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Found 389 results

  1. KMPickard

    Yellow & White Teas

    We're just getting into the world of fine teas and enjoying our explorations tremendously. So far favourites (mine) are Koslanda Organic from the Uva area of Sri Lanka and Keemun Hao Ya "A". L leans towards Chinese Kwai Flower Oolong. We have some Darjeeling Whyte (sic) tea and I'm somewhat at a loss as to how to brew it. I've looked up several tea sites on the web and come up with brewing times of anywhere from 2-3 minutes to 7 minutes. chd also mentions in a post on another thread that the ideal way to brew white tea is to steep it overnight at room temp. So... I'm totally confused. Any suggestions for me? Thanks, Kathy
  2. On page 42 of the April 2004 issue of Food Arts magazine there's a photo of a really cool looking "layered espresso" created by some guy named Alan Miguel Kaplan. It's in a tall clear glass, and it appears that the drink has milk on the bottom, espresso in the middle, and foam on the top. All it says about how it's made is "By expertly and delicately adding the steamed milk with certain precision, we created the illusion of three different layers."
  3. jpr54_

    tea and 2005

    do you have any new year's resolutions on new teas to try in the coming year? i am going to explore the world of oolongs-to expand the more fermented and oxidized. i enjoy the more green, lightly fermented, low oxidized taiwan oolongs. i order from a variety of websites-my favorites are www.teahomeusa.com, www.enjoyingtea.com and www.jingteashop.com joanne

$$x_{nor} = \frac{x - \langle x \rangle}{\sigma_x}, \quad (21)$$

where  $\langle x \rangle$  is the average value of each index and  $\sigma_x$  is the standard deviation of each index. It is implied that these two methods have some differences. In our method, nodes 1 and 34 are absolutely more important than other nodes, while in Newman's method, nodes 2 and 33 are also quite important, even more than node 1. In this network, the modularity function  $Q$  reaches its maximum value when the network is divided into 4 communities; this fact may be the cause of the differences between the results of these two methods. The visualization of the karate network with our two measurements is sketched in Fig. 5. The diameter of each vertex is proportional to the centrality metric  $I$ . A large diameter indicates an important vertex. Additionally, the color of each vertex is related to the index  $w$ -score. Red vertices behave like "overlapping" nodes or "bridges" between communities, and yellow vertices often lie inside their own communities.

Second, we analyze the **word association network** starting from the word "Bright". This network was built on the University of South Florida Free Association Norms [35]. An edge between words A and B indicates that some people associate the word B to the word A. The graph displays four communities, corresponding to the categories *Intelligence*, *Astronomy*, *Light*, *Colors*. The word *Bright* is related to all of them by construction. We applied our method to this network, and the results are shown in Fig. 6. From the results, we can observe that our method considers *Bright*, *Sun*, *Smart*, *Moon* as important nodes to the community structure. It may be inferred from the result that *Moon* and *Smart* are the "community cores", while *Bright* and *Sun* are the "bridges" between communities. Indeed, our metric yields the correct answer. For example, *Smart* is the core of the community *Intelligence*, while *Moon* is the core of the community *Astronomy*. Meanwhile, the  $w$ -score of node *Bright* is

4. viaChgo

    yerba mate

    Just tried yerba mate for the first time yesterday. I liked it. The flavor is not my favorite among teas but it was still enjoyable. Maybe I wasn't sure what to expect. And it had a nice, pleasant caffeine kick that was different from a coffee or black tea. Other than being from South America, I don't really know anything about yerba mate.
  5. jpr54_

    Tea and Coffee

    I drink both tea and coffee- I appreciate the separating tea and coffee out as a special group of its own- I will be traveling to Fort Lauderdale and would like suggestions/recommendations for tea! Joanne
  6. 12BottleBar

    Frost Tea -- Anyone tried?

    Has anyone else tried the frost teas produced by Los Angeles' Chado and James Norwood Pratt. They introduced them several years ago. Single estate leaves picked at the height of the frost, just like ice wine. Do any other producers make this kind of tea? Absolutely lovely stuff.
  7. Just wanted to spread the benefits... specialteas.com, an old favorite source of good teas, has a 75% off everything in their inventory. I hope this is a inventory refreshing operation rather than a last hurrah, but either way, there are (still) some great deals there now.
  8. f3xy

    The Little Tea Book

    I was reading a tea blog and I stumbled on someone who stumbled on this. It's a book from 1903 titled The Little Tea Book. It's a short read. A great deal of poetry. An interesting look at tea from an older perspective. Hope someone enjoys it!